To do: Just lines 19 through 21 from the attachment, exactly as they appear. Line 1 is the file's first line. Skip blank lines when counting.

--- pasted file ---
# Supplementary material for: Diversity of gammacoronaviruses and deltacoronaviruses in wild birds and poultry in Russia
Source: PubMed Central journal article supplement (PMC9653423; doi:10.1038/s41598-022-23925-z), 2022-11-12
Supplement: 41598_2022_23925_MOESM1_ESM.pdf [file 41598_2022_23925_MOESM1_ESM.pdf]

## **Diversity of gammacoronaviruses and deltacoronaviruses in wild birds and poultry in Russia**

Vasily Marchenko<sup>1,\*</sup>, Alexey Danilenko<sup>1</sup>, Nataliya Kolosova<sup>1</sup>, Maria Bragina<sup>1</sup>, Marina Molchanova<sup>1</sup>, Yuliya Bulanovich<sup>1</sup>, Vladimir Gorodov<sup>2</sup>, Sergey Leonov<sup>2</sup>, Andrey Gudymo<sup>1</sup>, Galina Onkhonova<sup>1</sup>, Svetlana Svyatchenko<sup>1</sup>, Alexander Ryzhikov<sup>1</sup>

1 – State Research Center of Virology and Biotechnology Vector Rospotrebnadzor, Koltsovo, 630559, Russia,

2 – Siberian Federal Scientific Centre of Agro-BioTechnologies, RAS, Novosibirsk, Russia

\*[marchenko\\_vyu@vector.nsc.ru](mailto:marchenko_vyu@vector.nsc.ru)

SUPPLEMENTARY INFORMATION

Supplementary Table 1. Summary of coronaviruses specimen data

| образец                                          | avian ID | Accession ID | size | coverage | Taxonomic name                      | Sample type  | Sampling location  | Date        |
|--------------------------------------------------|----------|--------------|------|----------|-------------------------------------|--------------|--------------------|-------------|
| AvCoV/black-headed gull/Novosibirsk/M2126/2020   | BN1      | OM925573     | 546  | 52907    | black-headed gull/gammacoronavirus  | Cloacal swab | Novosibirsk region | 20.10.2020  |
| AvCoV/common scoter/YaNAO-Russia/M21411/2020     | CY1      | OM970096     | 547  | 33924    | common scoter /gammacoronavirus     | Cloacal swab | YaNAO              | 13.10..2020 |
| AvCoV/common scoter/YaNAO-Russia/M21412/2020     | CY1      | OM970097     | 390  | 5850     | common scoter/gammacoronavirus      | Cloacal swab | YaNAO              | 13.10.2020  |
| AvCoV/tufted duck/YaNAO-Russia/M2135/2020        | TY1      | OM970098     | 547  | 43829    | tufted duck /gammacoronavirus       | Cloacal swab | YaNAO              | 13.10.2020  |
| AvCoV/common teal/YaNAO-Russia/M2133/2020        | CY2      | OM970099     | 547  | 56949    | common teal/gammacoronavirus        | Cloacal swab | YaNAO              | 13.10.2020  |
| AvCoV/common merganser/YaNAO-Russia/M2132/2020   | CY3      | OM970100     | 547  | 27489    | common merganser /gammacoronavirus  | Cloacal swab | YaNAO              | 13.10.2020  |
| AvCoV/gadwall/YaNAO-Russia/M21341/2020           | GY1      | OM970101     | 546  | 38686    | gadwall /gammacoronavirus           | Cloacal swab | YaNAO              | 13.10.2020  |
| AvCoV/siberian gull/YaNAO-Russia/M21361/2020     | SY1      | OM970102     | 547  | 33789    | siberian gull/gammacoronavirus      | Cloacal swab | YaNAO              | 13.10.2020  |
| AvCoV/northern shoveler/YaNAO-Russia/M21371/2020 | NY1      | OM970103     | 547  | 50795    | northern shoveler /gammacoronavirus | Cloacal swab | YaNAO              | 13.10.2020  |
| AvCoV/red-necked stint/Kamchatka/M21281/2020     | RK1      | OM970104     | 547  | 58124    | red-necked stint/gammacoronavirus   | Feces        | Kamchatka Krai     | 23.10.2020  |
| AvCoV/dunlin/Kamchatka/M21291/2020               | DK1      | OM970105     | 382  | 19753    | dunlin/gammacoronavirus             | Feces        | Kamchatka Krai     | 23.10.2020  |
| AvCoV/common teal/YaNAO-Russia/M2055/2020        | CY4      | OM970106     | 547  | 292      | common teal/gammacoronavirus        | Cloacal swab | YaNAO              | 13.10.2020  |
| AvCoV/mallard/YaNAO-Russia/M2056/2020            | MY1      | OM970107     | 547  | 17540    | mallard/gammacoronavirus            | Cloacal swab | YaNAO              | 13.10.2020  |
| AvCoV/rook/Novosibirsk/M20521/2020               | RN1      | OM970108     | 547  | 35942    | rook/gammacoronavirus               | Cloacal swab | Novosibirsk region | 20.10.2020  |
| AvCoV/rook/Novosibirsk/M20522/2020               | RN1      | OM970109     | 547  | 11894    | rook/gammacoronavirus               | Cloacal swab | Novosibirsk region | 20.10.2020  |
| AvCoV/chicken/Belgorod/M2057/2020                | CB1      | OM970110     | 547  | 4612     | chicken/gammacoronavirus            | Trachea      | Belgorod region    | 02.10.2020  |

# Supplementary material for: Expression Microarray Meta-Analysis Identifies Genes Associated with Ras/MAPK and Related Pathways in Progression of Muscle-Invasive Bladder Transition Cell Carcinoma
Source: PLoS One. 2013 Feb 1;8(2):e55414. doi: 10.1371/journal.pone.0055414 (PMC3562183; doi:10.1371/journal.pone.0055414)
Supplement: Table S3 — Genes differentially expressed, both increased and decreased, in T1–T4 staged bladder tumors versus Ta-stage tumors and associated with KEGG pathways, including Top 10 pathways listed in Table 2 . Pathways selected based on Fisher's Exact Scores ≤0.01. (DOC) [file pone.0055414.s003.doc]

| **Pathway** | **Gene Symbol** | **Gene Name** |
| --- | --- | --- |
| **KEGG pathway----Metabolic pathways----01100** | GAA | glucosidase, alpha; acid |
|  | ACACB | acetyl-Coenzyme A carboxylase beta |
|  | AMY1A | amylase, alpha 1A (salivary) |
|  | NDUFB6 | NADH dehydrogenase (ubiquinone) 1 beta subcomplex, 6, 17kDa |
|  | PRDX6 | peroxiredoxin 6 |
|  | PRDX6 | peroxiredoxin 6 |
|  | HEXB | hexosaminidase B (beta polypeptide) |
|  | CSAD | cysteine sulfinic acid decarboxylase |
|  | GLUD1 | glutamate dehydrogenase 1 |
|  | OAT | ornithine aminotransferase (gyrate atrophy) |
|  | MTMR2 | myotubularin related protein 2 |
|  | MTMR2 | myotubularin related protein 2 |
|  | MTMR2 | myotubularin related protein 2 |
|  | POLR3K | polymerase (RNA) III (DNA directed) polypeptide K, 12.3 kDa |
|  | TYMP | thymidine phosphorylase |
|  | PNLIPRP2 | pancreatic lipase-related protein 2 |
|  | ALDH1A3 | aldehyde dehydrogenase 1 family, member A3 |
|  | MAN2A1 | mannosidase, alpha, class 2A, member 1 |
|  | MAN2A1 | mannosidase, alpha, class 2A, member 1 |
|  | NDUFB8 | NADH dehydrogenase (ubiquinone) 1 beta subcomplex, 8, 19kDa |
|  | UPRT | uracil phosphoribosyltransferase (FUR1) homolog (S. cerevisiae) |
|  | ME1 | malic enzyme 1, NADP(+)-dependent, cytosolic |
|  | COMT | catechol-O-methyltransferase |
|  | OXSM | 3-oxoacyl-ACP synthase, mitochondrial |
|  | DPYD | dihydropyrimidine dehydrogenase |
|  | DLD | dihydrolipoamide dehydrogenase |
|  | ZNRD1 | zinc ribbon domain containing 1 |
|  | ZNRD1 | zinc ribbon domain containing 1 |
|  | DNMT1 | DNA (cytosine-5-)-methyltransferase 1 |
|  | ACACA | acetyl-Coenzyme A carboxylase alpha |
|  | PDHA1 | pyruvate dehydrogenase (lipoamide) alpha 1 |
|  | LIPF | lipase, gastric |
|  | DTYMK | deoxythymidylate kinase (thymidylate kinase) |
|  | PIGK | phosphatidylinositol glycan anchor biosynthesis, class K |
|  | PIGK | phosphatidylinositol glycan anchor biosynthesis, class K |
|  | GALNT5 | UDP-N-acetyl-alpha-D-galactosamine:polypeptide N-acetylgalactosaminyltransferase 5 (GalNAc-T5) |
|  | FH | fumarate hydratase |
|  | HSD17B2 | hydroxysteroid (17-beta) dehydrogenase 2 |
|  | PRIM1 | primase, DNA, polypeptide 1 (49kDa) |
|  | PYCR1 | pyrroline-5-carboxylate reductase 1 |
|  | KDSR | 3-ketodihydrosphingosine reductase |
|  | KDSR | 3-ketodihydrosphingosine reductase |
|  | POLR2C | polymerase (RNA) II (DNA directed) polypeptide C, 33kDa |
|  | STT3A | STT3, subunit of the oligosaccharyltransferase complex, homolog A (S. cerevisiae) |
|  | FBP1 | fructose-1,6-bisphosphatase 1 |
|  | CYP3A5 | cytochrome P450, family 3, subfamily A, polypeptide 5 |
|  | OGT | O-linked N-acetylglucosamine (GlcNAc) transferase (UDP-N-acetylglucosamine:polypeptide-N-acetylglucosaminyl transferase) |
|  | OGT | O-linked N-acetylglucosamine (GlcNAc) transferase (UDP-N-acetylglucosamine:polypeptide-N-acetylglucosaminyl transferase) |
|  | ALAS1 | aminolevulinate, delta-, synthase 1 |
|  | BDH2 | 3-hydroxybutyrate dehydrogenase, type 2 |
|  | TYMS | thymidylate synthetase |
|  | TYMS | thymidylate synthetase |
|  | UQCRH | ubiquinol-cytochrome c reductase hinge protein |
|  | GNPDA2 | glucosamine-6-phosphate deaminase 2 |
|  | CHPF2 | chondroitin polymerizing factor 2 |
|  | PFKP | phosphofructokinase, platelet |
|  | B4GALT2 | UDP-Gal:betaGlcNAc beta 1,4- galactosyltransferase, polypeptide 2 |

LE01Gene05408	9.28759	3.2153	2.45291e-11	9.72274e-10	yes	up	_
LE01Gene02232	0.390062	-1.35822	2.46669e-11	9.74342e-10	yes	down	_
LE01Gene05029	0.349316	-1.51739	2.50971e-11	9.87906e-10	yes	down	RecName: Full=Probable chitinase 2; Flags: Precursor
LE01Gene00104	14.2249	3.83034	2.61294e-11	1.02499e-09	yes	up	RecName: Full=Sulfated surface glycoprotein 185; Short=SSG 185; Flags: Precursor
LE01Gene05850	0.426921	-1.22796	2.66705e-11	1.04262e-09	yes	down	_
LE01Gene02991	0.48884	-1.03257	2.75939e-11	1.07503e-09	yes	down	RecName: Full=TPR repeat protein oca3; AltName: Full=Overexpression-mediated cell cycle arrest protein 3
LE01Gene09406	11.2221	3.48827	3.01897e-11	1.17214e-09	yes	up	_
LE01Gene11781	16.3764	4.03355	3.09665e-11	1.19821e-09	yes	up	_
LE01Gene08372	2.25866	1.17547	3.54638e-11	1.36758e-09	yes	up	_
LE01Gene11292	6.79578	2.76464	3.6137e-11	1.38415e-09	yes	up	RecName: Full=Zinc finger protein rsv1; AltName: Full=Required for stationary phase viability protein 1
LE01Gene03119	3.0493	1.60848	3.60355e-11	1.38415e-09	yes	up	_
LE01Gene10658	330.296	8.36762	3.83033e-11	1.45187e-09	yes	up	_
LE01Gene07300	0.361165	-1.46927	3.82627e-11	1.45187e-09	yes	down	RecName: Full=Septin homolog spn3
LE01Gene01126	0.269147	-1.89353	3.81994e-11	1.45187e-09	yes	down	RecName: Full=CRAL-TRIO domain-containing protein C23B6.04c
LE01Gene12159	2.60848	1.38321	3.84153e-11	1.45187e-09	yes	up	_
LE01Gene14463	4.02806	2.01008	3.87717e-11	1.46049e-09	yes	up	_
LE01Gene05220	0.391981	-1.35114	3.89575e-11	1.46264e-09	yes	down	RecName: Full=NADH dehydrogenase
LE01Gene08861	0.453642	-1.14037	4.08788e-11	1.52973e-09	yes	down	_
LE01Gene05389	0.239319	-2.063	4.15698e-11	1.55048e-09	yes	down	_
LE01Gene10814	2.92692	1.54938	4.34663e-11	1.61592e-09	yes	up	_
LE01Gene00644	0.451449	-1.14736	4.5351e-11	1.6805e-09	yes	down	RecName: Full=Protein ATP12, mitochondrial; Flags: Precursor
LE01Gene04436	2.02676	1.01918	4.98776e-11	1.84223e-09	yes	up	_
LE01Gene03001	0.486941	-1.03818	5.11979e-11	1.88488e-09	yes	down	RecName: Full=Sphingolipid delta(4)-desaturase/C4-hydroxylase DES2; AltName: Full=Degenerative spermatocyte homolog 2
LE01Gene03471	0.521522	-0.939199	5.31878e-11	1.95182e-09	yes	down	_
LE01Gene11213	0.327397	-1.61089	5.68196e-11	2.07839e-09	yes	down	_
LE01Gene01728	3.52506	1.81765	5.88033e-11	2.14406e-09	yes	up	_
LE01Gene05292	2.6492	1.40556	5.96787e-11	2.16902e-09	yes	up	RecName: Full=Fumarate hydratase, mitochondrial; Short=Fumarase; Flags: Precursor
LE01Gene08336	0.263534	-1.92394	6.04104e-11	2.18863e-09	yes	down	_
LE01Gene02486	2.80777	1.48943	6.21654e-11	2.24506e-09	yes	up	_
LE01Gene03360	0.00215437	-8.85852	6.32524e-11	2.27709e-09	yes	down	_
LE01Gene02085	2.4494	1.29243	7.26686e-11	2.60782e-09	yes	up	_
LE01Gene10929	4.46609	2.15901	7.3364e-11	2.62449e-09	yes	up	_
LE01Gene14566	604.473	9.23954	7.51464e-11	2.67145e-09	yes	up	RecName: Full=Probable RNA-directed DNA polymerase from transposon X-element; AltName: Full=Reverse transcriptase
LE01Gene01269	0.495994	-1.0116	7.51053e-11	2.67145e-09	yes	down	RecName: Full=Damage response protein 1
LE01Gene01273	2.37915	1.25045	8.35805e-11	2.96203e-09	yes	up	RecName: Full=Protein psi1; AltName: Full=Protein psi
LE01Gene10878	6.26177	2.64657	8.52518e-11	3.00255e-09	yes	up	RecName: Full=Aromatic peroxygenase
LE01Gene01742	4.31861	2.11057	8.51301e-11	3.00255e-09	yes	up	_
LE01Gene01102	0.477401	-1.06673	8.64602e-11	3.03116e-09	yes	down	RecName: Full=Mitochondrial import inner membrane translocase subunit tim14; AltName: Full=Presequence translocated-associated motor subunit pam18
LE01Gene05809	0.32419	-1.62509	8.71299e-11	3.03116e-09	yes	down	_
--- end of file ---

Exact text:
| AvCoV/gadwall/YaNAO-Russia/M21341/2020           | GY1      | OM970101     | 546  | 38686    | gadwall /gammacoronavirus           | Cloacal swab | YaNAO              | 13.10.2020  |
| AvCoV/siberian gull/YaNAO-Russia/M21361/2020     | SY1      | OM970102     | 547  | 33789    | siberian gull/gammacoronavirus      | Cloacal swab | YaNAO              | 13.10.2020  |
| AvCoV/northern shoveler/YaNAO-Russia/M21371/2020 | NY1      | OM970103     | 547  | 50795    | northern shoveler /gammacoronavirus | Cloacal swab | YaNAO              | 13.10.2020  |